Yah, talkin' income inequality here.  :commie: :cheers:  As an economist I heard speak today put it: "The objective of capitalism is to reduce, and hopefully, erase all together, the cost of labor."

I have no idea where "Noble Bright" came from. I just think of "Rainbow Bright" when I see it. Oh, are you an actual socialist? I hope so...I just want to know I'm not alone...I know I'm not on reddit. 

Anyway, yea, I get what you're saying, but at the same time, I don't think it's that bleak or grim for as many people as you think. I know it's a LARGE number, but the point I'm trying to make is that it's not necessarily an absolute unless you're destitute/trapped/dead. I know the US has a lot of problems, but that doesn't make it THAT bleak. At least not yet. Then again, a gilded cage is still a cage.

Even if you're right, those sorts of things don't necessarily make for good stories nor are they necessarily mature.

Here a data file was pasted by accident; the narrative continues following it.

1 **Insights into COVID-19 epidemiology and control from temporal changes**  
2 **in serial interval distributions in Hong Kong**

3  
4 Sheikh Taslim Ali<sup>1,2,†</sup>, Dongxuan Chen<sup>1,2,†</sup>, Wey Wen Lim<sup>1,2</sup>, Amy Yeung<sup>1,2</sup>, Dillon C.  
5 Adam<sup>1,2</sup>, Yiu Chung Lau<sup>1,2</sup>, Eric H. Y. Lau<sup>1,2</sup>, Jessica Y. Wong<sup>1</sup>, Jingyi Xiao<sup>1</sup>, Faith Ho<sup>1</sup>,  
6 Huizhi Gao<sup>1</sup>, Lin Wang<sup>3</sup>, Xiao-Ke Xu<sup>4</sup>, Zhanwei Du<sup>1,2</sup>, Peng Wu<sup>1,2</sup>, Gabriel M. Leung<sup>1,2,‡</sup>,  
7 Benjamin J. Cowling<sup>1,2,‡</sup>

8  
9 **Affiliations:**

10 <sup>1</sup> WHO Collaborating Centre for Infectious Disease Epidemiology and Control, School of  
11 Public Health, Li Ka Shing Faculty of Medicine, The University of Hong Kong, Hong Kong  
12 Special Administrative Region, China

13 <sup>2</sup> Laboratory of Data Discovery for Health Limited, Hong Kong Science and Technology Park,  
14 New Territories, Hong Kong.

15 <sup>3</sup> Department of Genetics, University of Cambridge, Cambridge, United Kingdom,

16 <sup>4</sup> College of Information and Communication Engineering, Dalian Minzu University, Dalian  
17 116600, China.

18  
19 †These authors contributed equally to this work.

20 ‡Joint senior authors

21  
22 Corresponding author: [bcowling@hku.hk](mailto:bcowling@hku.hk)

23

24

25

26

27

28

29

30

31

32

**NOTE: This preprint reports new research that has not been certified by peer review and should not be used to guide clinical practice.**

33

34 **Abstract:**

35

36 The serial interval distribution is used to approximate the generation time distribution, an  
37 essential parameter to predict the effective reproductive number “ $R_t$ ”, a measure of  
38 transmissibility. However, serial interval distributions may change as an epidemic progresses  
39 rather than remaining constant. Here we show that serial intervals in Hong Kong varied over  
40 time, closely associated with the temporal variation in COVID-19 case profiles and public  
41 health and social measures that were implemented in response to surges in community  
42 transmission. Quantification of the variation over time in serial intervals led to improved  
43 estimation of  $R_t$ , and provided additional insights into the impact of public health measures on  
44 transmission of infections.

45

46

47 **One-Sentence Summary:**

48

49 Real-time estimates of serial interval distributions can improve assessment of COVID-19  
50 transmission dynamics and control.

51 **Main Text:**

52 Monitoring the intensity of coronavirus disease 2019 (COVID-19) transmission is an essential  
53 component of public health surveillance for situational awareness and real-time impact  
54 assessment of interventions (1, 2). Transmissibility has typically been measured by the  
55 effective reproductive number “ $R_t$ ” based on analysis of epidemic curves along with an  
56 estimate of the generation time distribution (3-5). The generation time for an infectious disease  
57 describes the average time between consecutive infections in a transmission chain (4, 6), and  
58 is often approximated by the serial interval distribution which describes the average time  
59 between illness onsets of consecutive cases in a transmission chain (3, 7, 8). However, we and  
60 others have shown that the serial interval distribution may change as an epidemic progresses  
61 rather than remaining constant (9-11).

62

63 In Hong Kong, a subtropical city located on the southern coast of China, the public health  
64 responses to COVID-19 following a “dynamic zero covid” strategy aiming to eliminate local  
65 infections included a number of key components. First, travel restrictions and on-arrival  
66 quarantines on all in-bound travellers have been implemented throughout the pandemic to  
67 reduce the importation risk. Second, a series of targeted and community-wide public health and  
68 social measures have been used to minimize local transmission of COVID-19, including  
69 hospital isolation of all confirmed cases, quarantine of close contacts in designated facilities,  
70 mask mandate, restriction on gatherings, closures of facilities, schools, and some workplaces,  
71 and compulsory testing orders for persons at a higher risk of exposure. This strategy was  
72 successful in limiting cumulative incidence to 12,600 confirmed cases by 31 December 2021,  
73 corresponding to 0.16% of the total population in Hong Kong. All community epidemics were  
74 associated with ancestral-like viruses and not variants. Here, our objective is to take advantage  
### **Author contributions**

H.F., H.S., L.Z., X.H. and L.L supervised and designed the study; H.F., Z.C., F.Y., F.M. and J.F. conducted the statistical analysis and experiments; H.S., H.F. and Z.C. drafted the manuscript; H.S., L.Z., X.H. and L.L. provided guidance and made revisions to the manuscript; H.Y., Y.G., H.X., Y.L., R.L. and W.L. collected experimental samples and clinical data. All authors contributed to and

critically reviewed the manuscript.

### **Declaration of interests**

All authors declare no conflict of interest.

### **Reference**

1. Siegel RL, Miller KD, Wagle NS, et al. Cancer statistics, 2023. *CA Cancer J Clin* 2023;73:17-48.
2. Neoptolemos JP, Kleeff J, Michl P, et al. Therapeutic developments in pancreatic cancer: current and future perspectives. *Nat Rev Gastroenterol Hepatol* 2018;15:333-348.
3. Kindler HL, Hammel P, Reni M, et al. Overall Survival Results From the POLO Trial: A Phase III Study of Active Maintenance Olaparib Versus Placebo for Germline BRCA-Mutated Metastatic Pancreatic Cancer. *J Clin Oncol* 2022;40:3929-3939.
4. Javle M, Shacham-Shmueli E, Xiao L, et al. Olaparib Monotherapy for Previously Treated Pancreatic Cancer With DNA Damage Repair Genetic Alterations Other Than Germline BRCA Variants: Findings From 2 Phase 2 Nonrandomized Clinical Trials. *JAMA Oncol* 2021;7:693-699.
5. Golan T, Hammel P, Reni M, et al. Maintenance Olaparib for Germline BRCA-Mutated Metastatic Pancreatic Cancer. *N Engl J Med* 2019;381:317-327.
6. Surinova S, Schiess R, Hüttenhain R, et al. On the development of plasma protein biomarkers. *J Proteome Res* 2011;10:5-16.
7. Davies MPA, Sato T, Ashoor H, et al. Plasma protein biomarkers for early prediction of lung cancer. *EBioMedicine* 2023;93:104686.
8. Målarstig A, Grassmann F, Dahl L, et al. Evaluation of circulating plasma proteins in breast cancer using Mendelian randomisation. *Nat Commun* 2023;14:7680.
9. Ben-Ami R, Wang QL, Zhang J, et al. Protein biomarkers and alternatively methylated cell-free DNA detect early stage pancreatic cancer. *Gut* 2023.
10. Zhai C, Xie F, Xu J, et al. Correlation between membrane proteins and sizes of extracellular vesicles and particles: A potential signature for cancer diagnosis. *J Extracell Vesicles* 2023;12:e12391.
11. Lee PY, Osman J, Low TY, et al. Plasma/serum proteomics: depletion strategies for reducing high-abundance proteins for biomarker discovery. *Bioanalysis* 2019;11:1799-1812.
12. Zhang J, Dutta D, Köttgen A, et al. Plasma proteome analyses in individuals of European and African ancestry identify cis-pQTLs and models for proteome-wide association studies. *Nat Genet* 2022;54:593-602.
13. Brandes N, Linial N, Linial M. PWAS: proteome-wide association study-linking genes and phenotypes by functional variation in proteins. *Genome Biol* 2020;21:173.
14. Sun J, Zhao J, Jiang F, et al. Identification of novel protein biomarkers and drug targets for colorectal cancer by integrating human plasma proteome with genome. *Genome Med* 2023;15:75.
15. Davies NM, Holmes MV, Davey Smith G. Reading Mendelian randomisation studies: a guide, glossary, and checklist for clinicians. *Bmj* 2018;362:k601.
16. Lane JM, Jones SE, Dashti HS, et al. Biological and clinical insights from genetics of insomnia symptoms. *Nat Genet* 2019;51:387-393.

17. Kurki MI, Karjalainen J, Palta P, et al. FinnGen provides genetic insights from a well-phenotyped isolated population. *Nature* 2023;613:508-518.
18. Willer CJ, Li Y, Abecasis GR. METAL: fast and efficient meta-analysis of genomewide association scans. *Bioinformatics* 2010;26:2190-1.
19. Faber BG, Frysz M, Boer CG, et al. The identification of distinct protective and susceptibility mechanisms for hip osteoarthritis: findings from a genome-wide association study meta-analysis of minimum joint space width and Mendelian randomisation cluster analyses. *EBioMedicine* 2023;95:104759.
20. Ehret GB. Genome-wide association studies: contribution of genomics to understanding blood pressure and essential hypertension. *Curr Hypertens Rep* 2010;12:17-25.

Edited by Dora Vee

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8 hours ago, SeanF said:

England, after the Black Death, underwent an economic boom, as the shortage of labour drove wages upwards, and caused landowners to enfranchise their serfs in return for ready cash, and then switch to efficient methods of farming that required less labour, like grazing sheep. Real incomes pretty much doubled between 1350 and 1400.

By the middle of the fifteenth century, plague-driven population decline meant that English real wages were the highest they would be until the Victorian era.

Of course, from then on, it was population increase and wage decline. The all-time low point of wages for the last millennium was 1603, at the end of the reign of Elizabeth. Which fits with the general narrative that the seventeenth century was a shitty time to be alive in Europe.

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13 hours ago, Jo498 said:

Is there any fantasy genre writer that is truly "realist" in the sense of 19th century literature, e.g. like Flaubert?